• From your problem description it seems like the app and the dependencies are always developed together, so that work on a dependency requires changes to the application build process. This suggests such dependencies should not be treated as a separate package/repository – they are part of the same codebase. But later you note that dependencies have an independent lifecycle. Could you clarify your development approach, e.g. explain why a monorepo would not be appropriate? – amon Aug 16 '18 at 6:31
  • 1
    @amon, The project started as a monorepo (in TFS), but build times were atrocious (~30-45 mins). Though that mostly was a function of the slow TFS build server. We split it out to 2 APIs, 2 Apps (front ends), and 4 less often updated dependencies (translations, utils, configuration, common UI components). This more-or-less mirrors the Docker service setup (2 APIs, 2 Apps, +DB), but otherwise was a matter of personal preference at the time. – Nick Aug 16 '18 at 13:04
  • @amon ...but now that you bring it up I suppose we could migrate to a monorepo. The dependencies are tightly coupled. I need to see how well NPM/yarn/our build handles local dependencies. – Nick Aug 16 '18 at 13:07

Well, I stumbled on Lerna from a post from Hacker News and it appears to be just what we need. I will accept if it works out but it's going to be a while.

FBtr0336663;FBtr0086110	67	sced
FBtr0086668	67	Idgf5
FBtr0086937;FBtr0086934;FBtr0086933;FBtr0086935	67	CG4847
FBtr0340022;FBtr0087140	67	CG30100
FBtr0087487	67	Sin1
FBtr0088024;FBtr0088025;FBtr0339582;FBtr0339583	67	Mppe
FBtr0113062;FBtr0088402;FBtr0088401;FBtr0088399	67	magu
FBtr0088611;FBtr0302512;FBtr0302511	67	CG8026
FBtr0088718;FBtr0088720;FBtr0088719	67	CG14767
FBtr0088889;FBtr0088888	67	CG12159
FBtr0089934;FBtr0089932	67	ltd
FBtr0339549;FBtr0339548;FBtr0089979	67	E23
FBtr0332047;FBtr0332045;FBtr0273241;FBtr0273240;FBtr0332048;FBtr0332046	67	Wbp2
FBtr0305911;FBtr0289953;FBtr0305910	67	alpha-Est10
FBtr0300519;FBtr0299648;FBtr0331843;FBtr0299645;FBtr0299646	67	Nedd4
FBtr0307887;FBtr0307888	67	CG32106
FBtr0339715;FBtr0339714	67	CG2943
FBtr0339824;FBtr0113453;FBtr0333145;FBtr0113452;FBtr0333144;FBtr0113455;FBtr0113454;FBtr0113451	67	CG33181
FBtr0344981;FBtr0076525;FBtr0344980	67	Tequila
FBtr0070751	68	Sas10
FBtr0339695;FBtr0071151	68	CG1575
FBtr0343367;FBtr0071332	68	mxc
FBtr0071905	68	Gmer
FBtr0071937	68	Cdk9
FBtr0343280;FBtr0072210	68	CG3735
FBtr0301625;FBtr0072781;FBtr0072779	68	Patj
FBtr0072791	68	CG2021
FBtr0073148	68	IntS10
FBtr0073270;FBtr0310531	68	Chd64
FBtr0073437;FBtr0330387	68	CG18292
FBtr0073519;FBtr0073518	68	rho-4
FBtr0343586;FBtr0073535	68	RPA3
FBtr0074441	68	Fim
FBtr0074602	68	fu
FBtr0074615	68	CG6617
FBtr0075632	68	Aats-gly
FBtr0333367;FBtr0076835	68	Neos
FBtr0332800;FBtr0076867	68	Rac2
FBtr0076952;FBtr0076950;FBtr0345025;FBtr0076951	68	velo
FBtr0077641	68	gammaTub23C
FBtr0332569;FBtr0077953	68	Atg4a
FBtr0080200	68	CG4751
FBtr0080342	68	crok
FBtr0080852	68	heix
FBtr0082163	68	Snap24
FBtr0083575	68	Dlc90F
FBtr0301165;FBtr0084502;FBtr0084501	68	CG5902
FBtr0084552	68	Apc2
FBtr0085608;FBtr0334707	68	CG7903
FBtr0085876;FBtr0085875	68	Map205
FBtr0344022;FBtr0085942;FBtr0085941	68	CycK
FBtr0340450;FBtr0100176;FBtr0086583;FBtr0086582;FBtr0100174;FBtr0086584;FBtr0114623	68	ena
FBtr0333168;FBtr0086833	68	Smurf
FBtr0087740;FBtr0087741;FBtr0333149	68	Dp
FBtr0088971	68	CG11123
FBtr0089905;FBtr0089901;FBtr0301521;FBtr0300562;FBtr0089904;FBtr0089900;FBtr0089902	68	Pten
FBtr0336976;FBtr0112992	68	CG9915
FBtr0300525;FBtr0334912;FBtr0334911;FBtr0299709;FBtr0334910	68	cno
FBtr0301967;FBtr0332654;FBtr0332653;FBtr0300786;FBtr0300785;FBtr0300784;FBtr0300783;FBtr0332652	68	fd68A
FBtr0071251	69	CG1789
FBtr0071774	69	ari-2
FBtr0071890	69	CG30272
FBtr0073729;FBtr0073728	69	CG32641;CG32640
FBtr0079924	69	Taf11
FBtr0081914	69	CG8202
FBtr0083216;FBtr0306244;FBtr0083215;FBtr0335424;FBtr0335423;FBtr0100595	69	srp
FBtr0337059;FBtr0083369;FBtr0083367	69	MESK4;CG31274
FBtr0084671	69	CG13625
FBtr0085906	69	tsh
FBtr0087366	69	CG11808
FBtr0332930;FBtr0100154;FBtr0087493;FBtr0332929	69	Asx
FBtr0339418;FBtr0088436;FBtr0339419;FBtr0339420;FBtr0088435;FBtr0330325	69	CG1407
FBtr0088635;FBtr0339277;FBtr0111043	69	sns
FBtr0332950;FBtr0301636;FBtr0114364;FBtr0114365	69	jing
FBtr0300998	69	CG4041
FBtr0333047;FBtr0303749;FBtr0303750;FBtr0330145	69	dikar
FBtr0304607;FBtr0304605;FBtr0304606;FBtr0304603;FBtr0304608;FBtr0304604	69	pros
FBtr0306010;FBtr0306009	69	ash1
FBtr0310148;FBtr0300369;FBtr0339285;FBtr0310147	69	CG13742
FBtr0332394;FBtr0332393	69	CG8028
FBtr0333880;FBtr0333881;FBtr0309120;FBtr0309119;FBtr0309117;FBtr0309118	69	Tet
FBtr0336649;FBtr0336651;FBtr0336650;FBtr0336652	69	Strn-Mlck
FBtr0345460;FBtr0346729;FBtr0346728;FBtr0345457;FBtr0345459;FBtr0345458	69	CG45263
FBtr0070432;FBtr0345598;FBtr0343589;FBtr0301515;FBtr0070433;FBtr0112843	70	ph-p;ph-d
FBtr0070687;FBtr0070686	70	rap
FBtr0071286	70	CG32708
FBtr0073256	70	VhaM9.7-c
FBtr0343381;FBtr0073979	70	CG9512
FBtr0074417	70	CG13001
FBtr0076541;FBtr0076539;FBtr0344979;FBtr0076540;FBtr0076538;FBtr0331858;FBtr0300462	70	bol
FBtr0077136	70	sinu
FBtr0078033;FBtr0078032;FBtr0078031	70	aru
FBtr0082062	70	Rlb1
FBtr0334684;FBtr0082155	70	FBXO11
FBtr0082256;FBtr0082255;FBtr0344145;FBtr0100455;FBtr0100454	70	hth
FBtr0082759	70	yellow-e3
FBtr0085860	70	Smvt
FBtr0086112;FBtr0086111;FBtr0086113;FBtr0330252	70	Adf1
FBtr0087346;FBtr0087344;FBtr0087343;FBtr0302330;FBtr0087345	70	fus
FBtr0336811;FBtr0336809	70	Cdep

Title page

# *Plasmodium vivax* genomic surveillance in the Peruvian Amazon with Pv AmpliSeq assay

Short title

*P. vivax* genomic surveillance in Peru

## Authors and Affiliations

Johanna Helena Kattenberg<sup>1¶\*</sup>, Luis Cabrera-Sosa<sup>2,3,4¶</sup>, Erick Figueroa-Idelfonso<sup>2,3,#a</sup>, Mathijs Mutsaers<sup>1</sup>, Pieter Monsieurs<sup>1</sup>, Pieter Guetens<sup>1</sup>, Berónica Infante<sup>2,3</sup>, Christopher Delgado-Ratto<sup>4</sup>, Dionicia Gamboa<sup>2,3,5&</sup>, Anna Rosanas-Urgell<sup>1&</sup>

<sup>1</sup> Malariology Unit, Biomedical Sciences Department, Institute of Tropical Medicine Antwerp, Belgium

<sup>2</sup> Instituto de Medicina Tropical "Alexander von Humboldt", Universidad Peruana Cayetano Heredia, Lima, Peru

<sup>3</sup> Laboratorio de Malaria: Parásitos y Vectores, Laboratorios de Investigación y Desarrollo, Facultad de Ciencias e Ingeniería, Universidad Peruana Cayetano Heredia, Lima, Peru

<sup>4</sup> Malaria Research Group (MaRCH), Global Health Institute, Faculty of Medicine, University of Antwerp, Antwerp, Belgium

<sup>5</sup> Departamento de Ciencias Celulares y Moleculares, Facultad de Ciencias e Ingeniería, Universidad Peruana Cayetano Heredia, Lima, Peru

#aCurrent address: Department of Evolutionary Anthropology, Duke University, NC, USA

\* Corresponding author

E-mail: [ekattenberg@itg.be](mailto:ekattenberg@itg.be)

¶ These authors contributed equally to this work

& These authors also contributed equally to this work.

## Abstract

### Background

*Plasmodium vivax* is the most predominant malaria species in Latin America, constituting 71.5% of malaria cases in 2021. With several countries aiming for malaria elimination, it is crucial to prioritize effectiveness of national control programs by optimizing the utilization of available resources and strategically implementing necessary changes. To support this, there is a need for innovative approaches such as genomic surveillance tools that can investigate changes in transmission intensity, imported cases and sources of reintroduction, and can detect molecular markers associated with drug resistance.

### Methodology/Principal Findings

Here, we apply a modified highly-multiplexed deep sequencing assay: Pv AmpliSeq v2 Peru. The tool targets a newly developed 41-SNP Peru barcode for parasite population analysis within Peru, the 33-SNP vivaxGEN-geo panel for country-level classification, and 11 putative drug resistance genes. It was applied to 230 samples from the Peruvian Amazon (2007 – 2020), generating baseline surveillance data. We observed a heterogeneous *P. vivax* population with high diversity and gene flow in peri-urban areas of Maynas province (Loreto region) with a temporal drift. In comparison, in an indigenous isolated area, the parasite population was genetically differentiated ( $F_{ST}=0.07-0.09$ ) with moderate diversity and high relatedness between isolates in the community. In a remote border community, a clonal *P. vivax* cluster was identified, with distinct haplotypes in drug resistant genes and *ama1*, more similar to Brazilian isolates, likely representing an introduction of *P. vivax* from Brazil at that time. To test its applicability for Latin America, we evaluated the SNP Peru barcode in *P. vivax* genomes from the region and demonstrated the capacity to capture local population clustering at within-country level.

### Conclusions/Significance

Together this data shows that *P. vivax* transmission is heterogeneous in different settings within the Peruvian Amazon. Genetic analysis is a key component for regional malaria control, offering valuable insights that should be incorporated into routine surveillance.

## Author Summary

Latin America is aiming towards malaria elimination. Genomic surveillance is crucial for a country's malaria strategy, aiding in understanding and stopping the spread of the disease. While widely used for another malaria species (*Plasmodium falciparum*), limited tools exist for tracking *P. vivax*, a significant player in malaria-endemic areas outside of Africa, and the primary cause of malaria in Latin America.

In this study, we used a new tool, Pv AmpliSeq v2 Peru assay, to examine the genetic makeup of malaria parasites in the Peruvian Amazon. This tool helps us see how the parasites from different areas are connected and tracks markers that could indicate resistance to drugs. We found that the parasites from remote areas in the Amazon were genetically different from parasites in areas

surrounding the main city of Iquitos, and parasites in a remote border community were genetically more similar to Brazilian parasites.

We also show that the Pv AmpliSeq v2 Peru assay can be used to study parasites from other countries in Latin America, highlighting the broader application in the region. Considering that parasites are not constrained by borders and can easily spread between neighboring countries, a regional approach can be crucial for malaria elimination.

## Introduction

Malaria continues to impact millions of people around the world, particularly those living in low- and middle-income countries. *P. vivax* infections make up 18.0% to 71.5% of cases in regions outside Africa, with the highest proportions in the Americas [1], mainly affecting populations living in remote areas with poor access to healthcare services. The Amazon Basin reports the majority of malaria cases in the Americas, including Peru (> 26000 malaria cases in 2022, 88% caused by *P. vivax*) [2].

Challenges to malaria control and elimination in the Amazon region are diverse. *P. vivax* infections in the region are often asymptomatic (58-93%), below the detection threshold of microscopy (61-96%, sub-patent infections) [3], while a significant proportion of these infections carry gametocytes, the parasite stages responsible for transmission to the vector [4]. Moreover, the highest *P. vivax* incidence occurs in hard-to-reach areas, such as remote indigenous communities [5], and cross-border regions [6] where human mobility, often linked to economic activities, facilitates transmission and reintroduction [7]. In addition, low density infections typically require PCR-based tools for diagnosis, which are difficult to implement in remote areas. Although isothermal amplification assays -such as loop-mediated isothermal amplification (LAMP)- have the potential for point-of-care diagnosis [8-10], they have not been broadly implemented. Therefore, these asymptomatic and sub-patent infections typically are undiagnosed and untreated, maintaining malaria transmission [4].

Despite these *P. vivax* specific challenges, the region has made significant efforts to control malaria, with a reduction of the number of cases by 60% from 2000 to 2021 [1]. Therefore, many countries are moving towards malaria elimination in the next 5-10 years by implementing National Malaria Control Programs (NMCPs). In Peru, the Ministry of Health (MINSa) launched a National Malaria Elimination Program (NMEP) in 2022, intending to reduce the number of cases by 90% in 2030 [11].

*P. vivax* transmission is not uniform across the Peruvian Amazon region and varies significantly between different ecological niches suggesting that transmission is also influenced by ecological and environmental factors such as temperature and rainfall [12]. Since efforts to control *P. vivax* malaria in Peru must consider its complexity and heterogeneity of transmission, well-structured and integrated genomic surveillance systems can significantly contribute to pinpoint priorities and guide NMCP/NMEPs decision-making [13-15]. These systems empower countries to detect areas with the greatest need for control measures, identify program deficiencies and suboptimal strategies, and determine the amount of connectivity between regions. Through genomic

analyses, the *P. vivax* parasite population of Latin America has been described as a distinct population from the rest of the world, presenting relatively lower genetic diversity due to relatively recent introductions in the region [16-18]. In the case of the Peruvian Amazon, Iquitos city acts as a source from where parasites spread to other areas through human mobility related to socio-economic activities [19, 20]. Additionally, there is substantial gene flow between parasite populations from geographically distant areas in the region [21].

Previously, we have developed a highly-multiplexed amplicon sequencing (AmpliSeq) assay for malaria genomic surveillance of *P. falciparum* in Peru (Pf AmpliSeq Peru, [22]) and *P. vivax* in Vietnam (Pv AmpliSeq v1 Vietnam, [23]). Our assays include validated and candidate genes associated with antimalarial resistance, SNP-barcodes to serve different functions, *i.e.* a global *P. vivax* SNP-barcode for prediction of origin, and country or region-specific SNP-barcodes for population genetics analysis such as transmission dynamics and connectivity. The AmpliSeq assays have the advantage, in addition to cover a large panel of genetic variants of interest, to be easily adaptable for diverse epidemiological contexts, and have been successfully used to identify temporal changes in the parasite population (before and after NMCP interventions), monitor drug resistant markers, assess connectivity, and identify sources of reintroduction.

Splitting up large codebases into separate independently versioned packages is extremely useful for code sharing. However, making changes across many repositories is messy and difficult to track, and testing across repositories gets complicated really fast.

To solve these (and many other) problems, some projects will organize their codebases into multi-package repositories. Projects like Babel, React, Angular, Ember, Meteor, Jest, and many others develop all of their packages within a single repository.

Lerna is a tool that optimizes the workflow around managing multi-package repositories with git and npm.

I'm also removing the fixInternalPrivatePackages.sh CI step and just checking in the branched project's package.json as it should be. This will require manual steps if a new branch is added to a dependency but that happens less often than problems from the CI script.

UPDATE Sept 2018:

Lerna is nice but won't help our CI workflow. It's more for dev workstations. We really need a private package repository to keep published versions. QA and feature branches can use latest tags, where production can use our semver-ish tags.

I discovered Verdaccio, and I'm hoping it will resolve our dependency hell.

UPDATE Dec 2018:

The React project itself seems well organized and a good project to imitate. Using yarn workspaces seems like a good idea -- but it would take time to convert everything to a monorepo.

  • How'd it go with verdaccio? – thisgeek Feb 28 at 21:40
  • @thisgeek -- Couldn't tell ya, I switched jobs :) – Nick Feb 28 at 21:52